are a lot of inside sales managers—seasoned pros and rookies? alike—who are
cautious right now about hiring.
They’re gunshy—they don’t want to make a mistake. The current economy is offering up a lot
of talent to choose from which can make hiring decisions even more difficult to
make. Remember, there are
candidates that interview extremely well for the position, but who falter once
they land the job. Unfortunately,
that’s difficult to detect during the interview process.
One thing managers need to do once
they’ve finished hiring is to pay very close attention to their new employees’
work habits and actions. This is
not the time for a manager to squirrel away in this office and cut himself off. He must be on the floor watching and
listening and offering advice.
This is not considered babysitting, but coaching.
manager has some key things to look for in new employees’ first few hours on
the job, and he needs to address concerns and take action immediately.
the new employee focused on the job?
may seem like a no-brainer because typically new hires are fired up and excited
especially during the first week on the job, but there are little things that
are not so obvious which a manager needs to take into account. For example, is the new employee
developing a rhythm, or establishing a work pattern, or is he looking around
aimlessly or talking with colleagues, or on the computer looking up leads? (Why’s he looking up leads—you just provided him with 200?)
Although it’s critical for a salesperson to trust his instincts and make
intelligent decisions to be successful, a manager doesn’t want him to stray far
from the company’s sales process and training. The new hire that goes it alone because he doesn’t find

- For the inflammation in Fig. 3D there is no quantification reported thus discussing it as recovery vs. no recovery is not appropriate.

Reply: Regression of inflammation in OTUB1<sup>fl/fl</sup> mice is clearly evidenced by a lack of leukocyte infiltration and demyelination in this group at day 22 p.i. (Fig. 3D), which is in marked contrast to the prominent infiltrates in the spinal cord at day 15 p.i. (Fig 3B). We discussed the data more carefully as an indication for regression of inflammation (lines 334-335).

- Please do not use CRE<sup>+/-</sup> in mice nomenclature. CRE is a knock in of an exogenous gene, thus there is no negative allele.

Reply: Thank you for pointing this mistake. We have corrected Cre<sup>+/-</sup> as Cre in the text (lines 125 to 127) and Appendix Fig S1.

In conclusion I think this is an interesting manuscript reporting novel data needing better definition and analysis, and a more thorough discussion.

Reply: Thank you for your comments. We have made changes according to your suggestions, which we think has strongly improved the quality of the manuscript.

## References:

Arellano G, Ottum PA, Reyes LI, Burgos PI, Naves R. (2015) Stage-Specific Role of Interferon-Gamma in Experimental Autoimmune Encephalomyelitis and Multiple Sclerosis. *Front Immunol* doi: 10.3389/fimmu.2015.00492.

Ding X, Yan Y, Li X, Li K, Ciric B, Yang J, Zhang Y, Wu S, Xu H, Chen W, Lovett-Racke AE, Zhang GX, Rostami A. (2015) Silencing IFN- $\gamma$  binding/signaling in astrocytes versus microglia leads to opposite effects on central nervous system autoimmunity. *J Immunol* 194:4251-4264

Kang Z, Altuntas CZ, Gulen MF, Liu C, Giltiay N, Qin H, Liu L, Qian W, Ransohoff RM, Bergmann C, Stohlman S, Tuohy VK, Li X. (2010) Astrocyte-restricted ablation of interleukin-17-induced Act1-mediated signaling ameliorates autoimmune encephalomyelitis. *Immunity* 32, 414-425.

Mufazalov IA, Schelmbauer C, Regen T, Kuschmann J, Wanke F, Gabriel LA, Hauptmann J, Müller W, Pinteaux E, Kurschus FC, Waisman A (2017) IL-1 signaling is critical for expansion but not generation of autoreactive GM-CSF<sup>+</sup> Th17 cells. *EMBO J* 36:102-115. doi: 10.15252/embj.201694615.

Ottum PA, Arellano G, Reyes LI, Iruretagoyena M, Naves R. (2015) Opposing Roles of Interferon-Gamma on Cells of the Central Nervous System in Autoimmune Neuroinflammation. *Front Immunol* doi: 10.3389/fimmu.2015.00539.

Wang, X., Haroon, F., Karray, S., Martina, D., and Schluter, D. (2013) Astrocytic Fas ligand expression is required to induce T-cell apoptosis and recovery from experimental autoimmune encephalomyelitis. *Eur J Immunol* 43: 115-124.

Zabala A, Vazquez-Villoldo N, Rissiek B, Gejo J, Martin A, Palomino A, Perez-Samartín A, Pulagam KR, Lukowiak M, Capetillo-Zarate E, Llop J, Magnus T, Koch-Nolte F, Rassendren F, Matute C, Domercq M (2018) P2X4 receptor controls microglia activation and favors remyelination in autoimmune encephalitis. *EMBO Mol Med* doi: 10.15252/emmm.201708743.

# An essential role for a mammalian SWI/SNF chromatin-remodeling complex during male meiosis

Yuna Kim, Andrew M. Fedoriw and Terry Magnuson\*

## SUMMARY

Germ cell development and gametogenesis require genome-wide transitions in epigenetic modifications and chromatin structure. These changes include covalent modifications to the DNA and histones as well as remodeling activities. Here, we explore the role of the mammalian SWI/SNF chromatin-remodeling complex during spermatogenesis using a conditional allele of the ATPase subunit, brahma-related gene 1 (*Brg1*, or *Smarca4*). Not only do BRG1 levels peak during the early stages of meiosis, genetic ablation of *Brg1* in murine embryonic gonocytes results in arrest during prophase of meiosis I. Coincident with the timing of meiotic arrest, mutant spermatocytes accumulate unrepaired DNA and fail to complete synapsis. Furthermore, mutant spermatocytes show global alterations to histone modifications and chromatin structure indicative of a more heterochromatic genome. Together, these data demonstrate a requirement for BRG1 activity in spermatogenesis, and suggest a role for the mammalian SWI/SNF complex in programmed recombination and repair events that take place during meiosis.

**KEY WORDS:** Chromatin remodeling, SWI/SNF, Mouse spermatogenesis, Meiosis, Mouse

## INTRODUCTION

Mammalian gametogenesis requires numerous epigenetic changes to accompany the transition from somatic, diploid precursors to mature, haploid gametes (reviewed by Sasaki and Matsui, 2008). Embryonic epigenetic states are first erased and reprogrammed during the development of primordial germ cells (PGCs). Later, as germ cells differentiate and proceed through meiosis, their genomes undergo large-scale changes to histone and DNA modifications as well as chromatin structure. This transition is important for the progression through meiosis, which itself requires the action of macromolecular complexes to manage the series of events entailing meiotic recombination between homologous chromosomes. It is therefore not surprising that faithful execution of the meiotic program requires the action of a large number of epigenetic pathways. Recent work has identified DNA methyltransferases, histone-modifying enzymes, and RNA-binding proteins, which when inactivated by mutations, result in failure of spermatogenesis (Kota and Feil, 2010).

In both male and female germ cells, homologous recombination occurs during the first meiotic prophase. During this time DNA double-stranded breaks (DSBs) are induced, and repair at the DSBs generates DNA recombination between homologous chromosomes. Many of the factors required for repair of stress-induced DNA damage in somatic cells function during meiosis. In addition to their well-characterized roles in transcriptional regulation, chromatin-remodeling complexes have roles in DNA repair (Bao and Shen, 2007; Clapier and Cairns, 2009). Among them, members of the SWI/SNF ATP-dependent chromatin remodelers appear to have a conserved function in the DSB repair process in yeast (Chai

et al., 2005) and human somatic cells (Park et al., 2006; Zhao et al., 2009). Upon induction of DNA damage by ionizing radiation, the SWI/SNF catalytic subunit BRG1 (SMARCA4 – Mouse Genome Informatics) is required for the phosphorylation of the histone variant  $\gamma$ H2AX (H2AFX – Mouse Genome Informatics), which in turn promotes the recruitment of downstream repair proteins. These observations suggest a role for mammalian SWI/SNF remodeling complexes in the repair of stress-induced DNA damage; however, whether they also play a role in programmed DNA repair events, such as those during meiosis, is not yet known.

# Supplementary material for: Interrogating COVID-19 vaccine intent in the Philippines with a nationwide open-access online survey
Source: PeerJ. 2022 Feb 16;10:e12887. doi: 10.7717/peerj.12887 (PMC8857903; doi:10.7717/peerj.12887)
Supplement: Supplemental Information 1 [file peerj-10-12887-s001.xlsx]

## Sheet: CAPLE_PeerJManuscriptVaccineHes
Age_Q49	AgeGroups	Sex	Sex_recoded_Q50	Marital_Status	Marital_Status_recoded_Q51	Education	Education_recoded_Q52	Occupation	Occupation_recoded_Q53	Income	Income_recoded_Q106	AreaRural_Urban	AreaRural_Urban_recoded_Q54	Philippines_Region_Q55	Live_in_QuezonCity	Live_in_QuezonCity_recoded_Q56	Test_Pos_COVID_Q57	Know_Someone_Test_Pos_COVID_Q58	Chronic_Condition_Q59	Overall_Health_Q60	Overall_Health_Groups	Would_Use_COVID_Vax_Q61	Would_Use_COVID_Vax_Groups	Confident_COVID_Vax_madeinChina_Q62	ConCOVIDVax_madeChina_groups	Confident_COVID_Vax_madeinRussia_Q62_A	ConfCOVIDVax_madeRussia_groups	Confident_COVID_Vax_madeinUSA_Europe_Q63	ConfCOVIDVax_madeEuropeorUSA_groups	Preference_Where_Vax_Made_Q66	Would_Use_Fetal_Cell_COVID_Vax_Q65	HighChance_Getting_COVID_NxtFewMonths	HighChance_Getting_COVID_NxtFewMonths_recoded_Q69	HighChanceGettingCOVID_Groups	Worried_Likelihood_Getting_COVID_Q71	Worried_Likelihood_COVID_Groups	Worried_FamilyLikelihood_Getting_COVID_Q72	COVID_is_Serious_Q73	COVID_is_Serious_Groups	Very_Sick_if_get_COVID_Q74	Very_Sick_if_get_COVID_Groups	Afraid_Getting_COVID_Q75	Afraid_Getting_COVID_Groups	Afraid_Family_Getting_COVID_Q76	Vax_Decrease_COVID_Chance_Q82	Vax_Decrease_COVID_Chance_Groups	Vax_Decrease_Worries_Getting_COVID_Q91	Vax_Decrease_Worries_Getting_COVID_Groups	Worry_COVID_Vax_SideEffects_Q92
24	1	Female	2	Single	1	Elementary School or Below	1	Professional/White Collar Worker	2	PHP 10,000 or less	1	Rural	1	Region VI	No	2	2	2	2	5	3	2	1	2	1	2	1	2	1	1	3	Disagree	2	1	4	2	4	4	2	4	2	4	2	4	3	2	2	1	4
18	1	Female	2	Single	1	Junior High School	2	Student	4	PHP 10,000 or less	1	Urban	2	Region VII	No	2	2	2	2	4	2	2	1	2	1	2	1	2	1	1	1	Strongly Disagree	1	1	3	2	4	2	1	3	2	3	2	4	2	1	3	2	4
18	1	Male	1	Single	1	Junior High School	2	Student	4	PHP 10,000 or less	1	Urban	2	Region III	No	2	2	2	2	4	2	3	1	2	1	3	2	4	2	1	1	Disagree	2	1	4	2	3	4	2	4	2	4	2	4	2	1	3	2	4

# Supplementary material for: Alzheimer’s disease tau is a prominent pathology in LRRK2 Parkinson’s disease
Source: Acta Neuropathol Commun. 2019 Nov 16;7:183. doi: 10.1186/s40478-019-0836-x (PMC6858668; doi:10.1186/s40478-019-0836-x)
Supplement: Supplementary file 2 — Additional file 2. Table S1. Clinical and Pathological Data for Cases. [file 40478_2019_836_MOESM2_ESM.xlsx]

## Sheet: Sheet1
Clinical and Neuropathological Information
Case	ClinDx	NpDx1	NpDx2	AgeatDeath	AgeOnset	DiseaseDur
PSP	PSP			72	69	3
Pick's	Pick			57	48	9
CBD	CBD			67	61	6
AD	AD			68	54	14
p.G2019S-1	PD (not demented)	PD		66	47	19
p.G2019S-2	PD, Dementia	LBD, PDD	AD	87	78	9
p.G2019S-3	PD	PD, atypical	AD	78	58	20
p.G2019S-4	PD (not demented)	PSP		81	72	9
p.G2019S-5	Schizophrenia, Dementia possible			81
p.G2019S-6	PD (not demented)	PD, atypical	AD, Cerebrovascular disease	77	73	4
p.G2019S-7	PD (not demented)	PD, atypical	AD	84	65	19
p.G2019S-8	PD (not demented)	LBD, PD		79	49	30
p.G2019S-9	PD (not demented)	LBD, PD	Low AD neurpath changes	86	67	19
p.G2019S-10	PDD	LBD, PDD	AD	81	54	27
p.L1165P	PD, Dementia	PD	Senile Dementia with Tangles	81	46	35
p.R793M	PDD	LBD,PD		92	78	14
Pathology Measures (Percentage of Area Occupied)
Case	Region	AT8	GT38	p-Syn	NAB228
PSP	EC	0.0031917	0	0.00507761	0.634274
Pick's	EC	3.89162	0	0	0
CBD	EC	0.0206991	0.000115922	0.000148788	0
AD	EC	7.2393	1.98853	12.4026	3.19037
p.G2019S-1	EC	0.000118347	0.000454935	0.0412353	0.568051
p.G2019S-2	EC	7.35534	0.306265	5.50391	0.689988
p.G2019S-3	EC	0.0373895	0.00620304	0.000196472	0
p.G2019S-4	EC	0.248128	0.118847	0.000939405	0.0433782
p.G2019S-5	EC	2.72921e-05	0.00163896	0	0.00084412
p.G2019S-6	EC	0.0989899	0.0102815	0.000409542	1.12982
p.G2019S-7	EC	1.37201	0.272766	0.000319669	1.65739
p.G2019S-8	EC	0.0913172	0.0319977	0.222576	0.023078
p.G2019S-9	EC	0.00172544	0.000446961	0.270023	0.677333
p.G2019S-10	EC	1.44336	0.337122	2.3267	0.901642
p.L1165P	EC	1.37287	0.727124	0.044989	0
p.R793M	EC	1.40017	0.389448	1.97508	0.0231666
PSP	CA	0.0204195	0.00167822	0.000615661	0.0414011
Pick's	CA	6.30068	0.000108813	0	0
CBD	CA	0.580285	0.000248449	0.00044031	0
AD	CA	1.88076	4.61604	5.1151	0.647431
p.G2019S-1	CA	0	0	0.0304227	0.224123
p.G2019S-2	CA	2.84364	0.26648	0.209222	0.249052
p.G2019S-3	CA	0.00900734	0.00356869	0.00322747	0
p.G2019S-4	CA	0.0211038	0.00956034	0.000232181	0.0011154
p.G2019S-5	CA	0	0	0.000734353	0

immediate success needs to be reigned in quickly. A new salesperson’s independence should not be a given, it
should be earned.
the new hire love the
Love, not like.
A good manager wants a salesperson that makes more than the necessary
dials, and, more importantly, gets the decision maker on the phone.
There are many salespeople who are content just to talk to someone,
anyone, and usually not the
decision-maker. The salesperson
that loves the chase only wants to talk with the person that makes the
call. The manager can make this
distinction between the Chaser
and the Talker simply by
listening to the phone conversation. If the conversation is on the long side and too upbeat
and cheerful, the chances are pretty good that the salesperson is talking to
the wrong person. On the flipside,
the salesperson that’s talking with the right person is more intense, more
focused, and pushing the sales process forward. It’s all in the eyes.
Look at the eyes of a Chaser.
Look how he’s locked in.
Look at the eyes of a Talker.
Look how they dart about, glazed over.
the new salesperson want the ball when the game’s on the line?
Chaser wants the ball, the Talker doesn’t. The manager knows this by watching how high or low the
salesperson is shooting. The
Chaser will go after those impossible to reach big time decision makers at
large companies with the most difficult gatekeepers. He’s unafraid.
The Talker will go down the same roads that every other salesperson has
traveled and be happy doing it.
He’s not driven.
new employees’ first few hours are critical to the inside sales manager, but if
the manager has his eye out, and knows what he’s looking for, he’ll know sooner
rather than later if he’s got a winning team on his hands.